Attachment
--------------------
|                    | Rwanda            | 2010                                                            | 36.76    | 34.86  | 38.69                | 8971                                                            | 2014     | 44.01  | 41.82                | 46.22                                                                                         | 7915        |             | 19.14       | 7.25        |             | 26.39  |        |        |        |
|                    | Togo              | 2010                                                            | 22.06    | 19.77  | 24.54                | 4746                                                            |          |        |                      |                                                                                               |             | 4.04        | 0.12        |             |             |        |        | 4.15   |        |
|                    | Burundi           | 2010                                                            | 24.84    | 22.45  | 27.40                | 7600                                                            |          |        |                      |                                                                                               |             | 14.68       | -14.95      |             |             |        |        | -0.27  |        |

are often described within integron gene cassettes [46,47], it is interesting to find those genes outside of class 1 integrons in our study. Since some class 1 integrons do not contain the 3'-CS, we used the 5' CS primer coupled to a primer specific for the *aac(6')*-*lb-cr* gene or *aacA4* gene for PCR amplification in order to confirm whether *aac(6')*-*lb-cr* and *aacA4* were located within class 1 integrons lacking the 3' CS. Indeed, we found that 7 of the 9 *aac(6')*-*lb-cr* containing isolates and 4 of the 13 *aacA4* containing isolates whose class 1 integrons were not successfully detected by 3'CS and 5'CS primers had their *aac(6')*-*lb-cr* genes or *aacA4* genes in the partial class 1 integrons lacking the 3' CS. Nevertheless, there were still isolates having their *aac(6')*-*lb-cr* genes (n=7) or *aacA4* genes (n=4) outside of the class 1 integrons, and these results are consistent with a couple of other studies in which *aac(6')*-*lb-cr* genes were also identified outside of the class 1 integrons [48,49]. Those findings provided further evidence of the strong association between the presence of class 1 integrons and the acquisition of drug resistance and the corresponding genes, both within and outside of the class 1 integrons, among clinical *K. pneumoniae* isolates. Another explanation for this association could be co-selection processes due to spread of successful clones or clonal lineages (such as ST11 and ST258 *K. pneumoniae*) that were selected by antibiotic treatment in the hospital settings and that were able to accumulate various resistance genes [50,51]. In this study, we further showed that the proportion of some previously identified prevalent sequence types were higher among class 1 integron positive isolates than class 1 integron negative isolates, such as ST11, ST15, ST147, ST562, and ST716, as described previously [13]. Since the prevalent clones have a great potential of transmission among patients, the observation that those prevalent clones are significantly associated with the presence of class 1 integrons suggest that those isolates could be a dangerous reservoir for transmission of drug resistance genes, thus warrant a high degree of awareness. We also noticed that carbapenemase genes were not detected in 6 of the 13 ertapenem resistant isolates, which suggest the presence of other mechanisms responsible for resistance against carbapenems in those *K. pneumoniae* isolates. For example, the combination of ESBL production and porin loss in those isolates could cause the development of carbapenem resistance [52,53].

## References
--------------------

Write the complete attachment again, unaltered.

|                    | Rwanda            | 2010                                                            | 36.76    | 34.86  | 38.69                | 8971                                                            | 2014     | 44.01  | 41.82                | 46.22                                                                                         | 7915        |             | 19.14       | 7.25        |             | 26.39  |        |        |        |
|                    | Togo              | 2010                                                            | 22.06    | 19.77  | 24.54                | 4746                                                            |          |        |                      |                                                                                               |             | 4.04        | 0.12        |             |             |        |        | 4.15   |        |
|                    | Burundi           | 2010                                                            | 24.84    | 22.45  | 27.40                | 7600                                                            |          |        |                      |                                                                                               |             | 14.68       | -14.95      |             |             |        |        | -0.27  |        |

are often described within integron gene cassettes [46,47], it is interesting to find those genes outside of class 1 integrons in our study. Since some class 1 integrons do not contain the 3'-CS, we used the 5' CS primer coupled to a primer specific for the *aac(6')*-*lb-cr* gene or *aacA4* gene for PCR amplification in order to confirm whether *aac(6')*-*lb-cr* and *aacA4* were located within class 1 integrons lacking the 3' CS. Indeed, we found that 7 of the 9 *aac(6')*-*lb-cr* containing isolates and 4 of the 13 *aacA4* containing isolates whose class 1 integrons were not successfully detected by 3'CS and 5'CS primers had their *aac(6')*-*lb-cr* genes or *aacA4* genes in the partial class 1 integrons lacking the 3' CS. Nevertheless, there were still isolates having their *aac(6')*-*lb-cr* genes (n=7) or *aacA4* genes (n=4) outside of the class 1 integrons, and these results are consistent with a couple of other studies in which *aac(6')*-*lb-cr* genes were also identified outside of the class 1 integrons [48,49]. Those findings provided further evidence of the strong association between the presence of class 1 integrons and the acquisition of drug resistance and the corresponding genes, both within and outside of the class 1 integrons, among clinical *K. pneumoniae* isolates. Another explanation for this association could be co-selection processes due to spread of successful clones or clonal lineages (such as ST11 and ST258 *K. pneumoniae*) that were selected by antibiotic treatment in the hospital settings and that were able to accumulate various resistance genes [50,51]. In this study, we further showed that the proportion of some previously identified prevalent sequence types were higher among class 1 integron positive isolates than class 1 integron negative isolates, such as ST11, ST15, ST147, ST562, and ST716, as described previously [13]. Since the prevalent clones have a great potential of transmission among patients, the observation that those prevalent clones are significantly associated with the presence of class 1 integrons suggest that those isolates could be a dangerous reservoir for transmission of drug resistance genes, thus warrant a high degree of awareness. We also noticed that carbapenemase genes were not detected in 6 of the 13 ertapenem resistant isolates, which suggest the presence of other mechanisms responsible for resistance against carbapenems in those *K. pneumoniae* isolates. For example, the combination of ESBL production and porin loss in those isolates could cause the development of carbapenem resistance [52,53].

## References